Spokesperson of the Minister-Special Services Coordinator Stanisław Żaryn said that “Polish connections are being analysed” in the aftermath of the terrorist attack in Christchurch, New Zealand, that left 49 people dead and several dozens injured.
Polish President Andrzej Duda expressed his condolences to the Governor-General of New Zealand, Patsy Reddy, after the terror attack on two mosques...see more
“I can confirm that Polish connections [with the attack - ed.] are being analysed,” Mr Żaryn said. However, because of the confidential nature of the investigation, he refused to disclose any further details.
According to the private RMF radio, it is to be verified whether the attacker held any contacts with Polish citizens or has visited Poland in the past.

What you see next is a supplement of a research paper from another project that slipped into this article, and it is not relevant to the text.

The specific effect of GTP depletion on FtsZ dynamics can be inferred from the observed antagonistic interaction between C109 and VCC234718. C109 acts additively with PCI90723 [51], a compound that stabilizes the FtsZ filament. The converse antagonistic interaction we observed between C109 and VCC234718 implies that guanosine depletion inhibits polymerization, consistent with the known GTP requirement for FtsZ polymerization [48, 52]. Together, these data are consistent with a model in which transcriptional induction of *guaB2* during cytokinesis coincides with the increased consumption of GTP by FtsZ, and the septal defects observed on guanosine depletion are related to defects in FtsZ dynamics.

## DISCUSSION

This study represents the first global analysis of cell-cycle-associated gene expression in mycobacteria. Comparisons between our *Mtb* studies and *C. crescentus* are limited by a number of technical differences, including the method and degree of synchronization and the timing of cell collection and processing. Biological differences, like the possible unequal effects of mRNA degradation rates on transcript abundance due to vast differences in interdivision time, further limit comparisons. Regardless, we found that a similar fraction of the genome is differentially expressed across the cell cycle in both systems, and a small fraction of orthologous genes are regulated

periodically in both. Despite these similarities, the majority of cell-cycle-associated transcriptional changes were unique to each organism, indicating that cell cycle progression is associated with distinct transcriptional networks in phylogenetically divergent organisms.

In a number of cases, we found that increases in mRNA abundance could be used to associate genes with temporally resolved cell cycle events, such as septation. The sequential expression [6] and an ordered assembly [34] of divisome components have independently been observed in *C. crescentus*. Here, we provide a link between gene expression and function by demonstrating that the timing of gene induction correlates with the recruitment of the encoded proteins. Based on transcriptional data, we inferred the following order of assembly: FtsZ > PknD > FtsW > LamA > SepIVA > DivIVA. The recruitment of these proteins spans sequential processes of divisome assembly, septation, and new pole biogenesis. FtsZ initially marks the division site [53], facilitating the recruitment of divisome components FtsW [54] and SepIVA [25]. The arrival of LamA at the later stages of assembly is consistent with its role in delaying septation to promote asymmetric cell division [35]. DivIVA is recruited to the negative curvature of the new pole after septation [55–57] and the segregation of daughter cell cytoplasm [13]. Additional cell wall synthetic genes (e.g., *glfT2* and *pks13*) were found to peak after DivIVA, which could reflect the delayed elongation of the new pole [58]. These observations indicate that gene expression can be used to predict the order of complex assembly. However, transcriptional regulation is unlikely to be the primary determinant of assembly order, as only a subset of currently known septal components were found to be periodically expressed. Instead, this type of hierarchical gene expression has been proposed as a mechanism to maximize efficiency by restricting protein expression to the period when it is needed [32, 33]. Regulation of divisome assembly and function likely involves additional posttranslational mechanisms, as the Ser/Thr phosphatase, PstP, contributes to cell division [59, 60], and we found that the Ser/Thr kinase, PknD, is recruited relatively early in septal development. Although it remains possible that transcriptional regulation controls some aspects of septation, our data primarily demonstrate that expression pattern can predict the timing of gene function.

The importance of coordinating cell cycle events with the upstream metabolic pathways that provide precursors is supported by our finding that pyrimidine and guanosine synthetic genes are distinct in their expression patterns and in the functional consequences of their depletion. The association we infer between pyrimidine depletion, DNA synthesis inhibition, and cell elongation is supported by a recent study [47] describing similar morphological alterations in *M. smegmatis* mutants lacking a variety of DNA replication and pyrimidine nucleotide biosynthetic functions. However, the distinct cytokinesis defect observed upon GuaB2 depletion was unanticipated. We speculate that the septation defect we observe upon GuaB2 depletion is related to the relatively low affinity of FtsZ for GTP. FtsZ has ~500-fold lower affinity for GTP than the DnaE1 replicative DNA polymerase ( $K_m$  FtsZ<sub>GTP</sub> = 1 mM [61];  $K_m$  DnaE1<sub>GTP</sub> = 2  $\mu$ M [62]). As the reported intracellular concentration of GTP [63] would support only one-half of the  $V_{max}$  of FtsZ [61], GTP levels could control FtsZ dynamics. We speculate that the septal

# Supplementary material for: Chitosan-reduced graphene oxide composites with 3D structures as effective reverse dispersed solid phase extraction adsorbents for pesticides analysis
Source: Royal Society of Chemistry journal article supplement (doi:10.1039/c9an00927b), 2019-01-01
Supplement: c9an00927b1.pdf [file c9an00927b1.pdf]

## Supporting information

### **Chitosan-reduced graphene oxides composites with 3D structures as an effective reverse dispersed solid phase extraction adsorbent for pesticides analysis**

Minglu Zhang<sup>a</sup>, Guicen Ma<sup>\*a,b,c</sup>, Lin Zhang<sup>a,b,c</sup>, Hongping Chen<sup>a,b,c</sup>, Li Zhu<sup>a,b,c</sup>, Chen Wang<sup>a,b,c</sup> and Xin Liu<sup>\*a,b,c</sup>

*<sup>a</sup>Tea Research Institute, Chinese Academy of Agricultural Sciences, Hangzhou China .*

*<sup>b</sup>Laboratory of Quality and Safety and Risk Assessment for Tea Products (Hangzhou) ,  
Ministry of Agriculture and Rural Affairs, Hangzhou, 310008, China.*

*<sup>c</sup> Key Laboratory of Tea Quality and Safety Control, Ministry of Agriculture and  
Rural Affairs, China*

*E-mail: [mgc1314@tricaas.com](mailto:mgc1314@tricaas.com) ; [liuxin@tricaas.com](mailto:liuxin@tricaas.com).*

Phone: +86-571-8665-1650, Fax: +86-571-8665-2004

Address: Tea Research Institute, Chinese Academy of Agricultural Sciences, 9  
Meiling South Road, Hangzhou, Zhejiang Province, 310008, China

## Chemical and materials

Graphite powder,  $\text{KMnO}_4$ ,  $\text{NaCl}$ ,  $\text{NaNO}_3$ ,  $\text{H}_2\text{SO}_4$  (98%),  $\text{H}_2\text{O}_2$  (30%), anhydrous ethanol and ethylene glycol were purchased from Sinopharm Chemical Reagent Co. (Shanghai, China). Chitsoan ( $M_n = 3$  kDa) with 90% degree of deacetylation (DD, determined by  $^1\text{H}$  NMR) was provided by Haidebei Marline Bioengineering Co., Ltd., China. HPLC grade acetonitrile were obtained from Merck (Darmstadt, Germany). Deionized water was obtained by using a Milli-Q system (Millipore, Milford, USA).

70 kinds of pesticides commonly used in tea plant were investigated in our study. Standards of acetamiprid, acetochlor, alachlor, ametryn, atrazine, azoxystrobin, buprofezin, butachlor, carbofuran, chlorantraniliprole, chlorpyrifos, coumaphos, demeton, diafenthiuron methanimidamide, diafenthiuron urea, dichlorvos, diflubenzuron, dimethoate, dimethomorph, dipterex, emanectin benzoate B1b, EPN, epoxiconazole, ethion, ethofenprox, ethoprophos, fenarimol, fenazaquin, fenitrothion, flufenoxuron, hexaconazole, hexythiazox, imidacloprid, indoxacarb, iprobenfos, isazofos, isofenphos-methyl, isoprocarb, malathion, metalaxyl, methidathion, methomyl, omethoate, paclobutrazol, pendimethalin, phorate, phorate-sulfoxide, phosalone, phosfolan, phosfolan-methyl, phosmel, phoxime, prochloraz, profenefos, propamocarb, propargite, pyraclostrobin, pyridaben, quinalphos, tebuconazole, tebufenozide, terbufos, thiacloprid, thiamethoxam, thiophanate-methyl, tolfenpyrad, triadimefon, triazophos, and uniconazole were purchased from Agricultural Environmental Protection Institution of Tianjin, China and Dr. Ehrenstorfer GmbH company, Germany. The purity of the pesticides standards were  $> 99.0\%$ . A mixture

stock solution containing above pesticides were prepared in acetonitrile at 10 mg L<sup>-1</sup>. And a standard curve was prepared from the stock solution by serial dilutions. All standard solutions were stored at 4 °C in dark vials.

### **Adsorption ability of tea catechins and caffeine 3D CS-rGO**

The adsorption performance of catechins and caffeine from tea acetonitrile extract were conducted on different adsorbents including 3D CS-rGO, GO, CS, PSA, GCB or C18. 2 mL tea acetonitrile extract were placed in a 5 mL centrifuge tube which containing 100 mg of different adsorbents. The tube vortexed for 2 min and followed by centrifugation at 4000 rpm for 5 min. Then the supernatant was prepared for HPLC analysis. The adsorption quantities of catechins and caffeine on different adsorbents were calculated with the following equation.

The graffiti on the attacker’s weapon referenced historical figures and events connected to fighting Muslim forces throughout history.
According to the Onet.pl news portal, the graffiti included several mentions of the 1683 Battle of Vienna where the armed forces commanded by the Polish King Jan III Sobieski halted the Ottoman invasion of Europe. The name of the Polish hetman Feliks Kazimierz Potocki, one of the battle’s participants, was also displayed on the weapons.
A 74-page “manifesto”, posted online by the attacker, espouses far-right and anti-immigrant ideology. In one passage, it lists Poland among seven countries where a movement against “the invaders” may begin.
The gunman, a 28-year-old Australian citizen who identified himself as Brenton Tarrant, opened fire from rifles covered in graffiti on worshippers at two mosques in Christchurch, the largest city in the South Island of New Zealand. The attack left 49 people dead and dozens wounded.
This was the worst mass shooting in the country’s history.
Jacinda Ardern, the Prime Minister of New Zealand, condemned this act of terror, saying “this is one of New Zealand's darkest days.”